Planning for the inevitable: What you need to know

willsDeath is something most people do not want to think about.

Whether a child, a senior or somewhere in between, the notion of death is one many do not want to delve into, much less plan for. However, planning for the inevitable is of great importance not just to you, but also to your family and friends.

The only way to guarantee that your final wishes are kept is through a will.

According to the Federal, Provincial and Territorial Ministers Responsible for Seniors Forum, a will is the “easiest and most effective way to tell others how you want your property and possessions… to be distributed.”

Wills are important whether you have $100 or $1 million in the bank, as you want control as to where it all goes after you die. Without a will, that money automatically goes to your nearest living relative. While many are more than happy to see their spouse, siblings, children and grandchildren receive some assistance from your estate following your passing, that is not true for everyone. Plus, without a will, there is no way to guarantee how much each person gets, or to guarantee that your granddaughter gets that prized heirloom that you promised would be hers upon your passing.

Or perhaps you also want part, or some cases all, of your estate to go to a charity or cause that you feel is worthwhile. There are no provisions for this unless it is put into your will.

And with some estates being complicated to the extent that your family needs to hire a lawyer and potentially go to court to settle how assets are distributed, it is only fair to save them the headache and the costs by setting everything out in stone in a will.

The will to get a will

So, you have made the decision to get yourself a will. First off, congratulations on taking this important step. It will save your family and friends a lot of time and money in the future.

One of the first things to consider when creating a will is naming an executor, or the person who will be in charge of your property and possessions following your death, and who will carry out your final wishes as laid out in the will.

According to the Federal, Provincial and Territorial Ministers Responsible for Seniors Forum, being an executor is no easy task, taking up plenty of time.

“If there is no one close to you who can act as your executor, you might be able to appoint a professional such as a trust company, accountant, lawyer, or the provincial or territorial public trustee,” the forum lays out in a report.

“If you are thinking about doing this, make sure that the person or organization is willing to take on the job before you name them in your will. Also check to see what their fees will be.”

While you do not necessary need legal advice, the Federal, Provincial and Territorial Ministers Responsible for Seniors Forum recommends having your will prepared by a lawyer, as it is a legal document, and you want to be sure it is executed in the way that you intend.

The search for the right lawyer can be a tricky one, but there are people out there to help you on your journey. The Law Society of Upper Canada, the group that regulates lawyers and paralegals in Ontario, has a directory that you can use to find the right lawyer in your area that can assist you with your needs.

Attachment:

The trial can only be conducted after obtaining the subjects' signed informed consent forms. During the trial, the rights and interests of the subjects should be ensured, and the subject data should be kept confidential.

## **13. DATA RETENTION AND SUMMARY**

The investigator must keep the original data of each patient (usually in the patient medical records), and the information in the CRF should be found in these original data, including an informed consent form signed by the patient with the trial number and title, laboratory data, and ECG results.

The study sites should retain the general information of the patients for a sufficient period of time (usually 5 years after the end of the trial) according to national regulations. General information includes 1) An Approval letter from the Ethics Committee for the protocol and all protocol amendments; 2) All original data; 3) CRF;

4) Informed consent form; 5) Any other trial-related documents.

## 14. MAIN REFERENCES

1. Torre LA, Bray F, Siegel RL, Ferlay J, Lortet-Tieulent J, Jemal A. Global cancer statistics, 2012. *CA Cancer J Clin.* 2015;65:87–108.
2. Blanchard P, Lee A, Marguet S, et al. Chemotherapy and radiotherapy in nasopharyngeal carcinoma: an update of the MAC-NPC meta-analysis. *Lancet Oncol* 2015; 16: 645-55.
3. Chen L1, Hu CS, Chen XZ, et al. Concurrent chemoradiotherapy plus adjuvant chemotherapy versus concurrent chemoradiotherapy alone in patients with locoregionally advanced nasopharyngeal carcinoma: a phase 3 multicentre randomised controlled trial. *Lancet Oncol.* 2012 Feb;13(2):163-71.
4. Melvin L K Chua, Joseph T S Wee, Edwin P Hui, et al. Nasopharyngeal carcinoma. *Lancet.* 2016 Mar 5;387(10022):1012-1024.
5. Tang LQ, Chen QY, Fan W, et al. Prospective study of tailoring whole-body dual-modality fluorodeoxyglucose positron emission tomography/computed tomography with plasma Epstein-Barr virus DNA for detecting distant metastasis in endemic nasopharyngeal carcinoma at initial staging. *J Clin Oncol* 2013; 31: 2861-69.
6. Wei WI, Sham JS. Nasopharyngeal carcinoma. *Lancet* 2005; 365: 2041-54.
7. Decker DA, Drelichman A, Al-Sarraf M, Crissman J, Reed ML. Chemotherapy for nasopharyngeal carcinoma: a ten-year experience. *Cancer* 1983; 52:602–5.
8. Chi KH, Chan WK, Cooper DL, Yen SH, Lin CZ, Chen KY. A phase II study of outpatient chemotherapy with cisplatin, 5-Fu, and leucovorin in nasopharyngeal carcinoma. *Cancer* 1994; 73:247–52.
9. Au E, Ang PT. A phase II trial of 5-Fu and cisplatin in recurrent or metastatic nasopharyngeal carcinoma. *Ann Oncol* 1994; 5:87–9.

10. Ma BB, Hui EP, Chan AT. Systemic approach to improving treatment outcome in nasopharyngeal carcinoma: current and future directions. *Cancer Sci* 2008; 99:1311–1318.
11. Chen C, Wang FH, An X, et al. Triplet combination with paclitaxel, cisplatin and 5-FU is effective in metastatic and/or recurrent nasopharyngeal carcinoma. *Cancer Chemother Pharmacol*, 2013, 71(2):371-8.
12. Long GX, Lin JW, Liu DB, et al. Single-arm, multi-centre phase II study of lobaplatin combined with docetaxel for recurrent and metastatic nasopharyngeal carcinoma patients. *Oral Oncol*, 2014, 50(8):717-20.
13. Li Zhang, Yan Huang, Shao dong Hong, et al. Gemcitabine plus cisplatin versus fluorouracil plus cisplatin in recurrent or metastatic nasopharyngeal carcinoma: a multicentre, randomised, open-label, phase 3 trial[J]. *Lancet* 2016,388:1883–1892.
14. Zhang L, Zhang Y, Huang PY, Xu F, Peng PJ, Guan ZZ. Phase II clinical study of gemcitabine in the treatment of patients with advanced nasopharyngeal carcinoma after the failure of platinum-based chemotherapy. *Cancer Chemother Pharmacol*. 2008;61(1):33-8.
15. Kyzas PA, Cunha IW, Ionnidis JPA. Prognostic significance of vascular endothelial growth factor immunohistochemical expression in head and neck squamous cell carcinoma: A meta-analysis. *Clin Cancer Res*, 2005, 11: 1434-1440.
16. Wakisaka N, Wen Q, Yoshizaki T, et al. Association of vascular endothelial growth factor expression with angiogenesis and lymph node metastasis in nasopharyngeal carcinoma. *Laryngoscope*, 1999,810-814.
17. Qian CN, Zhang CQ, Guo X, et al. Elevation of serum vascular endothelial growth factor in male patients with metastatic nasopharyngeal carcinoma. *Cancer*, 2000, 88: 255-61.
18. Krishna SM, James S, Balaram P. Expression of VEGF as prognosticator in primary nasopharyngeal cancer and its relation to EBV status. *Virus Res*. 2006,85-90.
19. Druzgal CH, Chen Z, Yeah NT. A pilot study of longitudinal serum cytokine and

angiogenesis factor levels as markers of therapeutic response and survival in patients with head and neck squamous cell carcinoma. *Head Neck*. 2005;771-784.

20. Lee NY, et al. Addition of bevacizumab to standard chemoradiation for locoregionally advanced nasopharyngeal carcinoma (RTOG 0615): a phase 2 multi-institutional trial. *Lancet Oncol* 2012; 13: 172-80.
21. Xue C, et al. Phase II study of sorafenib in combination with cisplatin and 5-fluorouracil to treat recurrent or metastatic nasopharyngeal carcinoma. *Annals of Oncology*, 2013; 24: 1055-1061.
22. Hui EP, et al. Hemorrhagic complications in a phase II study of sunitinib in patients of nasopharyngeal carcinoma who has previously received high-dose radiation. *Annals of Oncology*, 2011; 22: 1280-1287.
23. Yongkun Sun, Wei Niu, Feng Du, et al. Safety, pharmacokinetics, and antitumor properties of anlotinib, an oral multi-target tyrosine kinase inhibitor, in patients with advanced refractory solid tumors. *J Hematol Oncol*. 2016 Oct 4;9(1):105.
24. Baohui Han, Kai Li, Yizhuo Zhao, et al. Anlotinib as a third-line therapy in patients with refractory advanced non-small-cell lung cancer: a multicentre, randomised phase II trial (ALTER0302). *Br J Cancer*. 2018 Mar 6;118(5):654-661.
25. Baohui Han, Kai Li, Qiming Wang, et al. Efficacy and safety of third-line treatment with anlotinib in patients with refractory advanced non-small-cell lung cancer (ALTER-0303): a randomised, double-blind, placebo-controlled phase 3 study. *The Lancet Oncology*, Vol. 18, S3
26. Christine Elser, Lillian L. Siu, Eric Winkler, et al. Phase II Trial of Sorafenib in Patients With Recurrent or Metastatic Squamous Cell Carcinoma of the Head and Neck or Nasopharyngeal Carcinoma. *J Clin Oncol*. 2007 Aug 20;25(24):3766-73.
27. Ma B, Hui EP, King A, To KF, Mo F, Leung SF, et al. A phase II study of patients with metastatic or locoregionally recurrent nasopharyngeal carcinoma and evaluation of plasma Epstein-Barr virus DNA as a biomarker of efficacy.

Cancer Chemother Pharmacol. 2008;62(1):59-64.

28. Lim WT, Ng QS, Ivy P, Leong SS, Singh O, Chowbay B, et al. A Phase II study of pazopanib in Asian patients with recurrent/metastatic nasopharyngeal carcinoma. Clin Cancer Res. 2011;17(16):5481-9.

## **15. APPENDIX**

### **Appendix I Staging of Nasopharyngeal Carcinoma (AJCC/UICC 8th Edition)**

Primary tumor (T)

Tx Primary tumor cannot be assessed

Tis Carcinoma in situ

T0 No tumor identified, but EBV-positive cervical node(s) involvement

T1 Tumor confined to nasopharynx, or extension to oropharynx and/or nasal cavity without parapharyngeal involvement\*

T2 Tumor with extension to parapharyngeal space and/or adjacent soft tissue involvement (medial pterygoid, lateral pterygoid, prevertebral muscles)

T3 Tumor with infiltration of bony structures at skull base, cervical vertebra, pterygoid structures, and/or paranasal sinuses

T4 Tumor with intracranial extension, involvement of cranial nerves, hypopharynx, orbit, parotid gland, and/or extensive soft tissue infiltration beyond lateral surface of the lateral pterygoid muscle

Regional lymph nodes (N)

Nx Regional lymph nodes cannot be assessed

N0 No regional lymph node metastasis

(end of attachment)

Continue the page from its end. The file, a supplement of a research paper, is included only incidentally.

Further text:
RESOURCES

The Law Society of Upper Canada: If you are searching for the right lawyer close to home that can assist you in the creation of your will, look no further. The law society, which regulates lawyers and paralegals in Ontario, has a directory that you can use to find the lawyer best suited for your needs.

The directory is available online at lsuc.on.ca, or you can call 1-800-668-7380, ext. 3315 for more information.

The law society also offers a referral service to help connect you directly with a lawyer best suited for the job. This service is available for visiting lawsocietyreferralservice.ca, or sending an email to lsrs@lsuc.on.ca. The service also has a crisis line that you can call in an emergency at 1-855-947-5255. The referral process and the initial consultation of up to 30 minutes is free.

Government of Canada: The place where you can get your passport renewed and a new copy of your SIN card is also where you can get some helpful information on planning your will. Your Service Canada office provides information on wills, estates and more. If you are unable to get out to your local office, you can also access the information online at Canada.ca/seniors under the ‘Legal Matters’ heading.
You can also get information and consumer tips about funerals from the Office of Consumer Affairs by calling 1-800-328-6189.

Government of Ontario: For information specific to Ontario’s laws and regulations, look no further than the province’s top lawyer. If you are looking for details on specific facets of wills and estates, it is available through the Attorney General of Ontario. Just go online to attorneygeneral.jus.gov.on.ca and search for ‘estate planning.’ You can also call toll free at 1-800-518-7901 or send an email to attorneygeneral@ontario.ca, and they will send you in the right direction.

For information on funerals, such as pre-arrangements and pre-paying, you can also check out Consumer Protection Ontario. They are available by calling 1-800-889-9768, and asking to speak with someone about funerals. You can also go online to Ontario.ca/page/consumer-protection-ontario.

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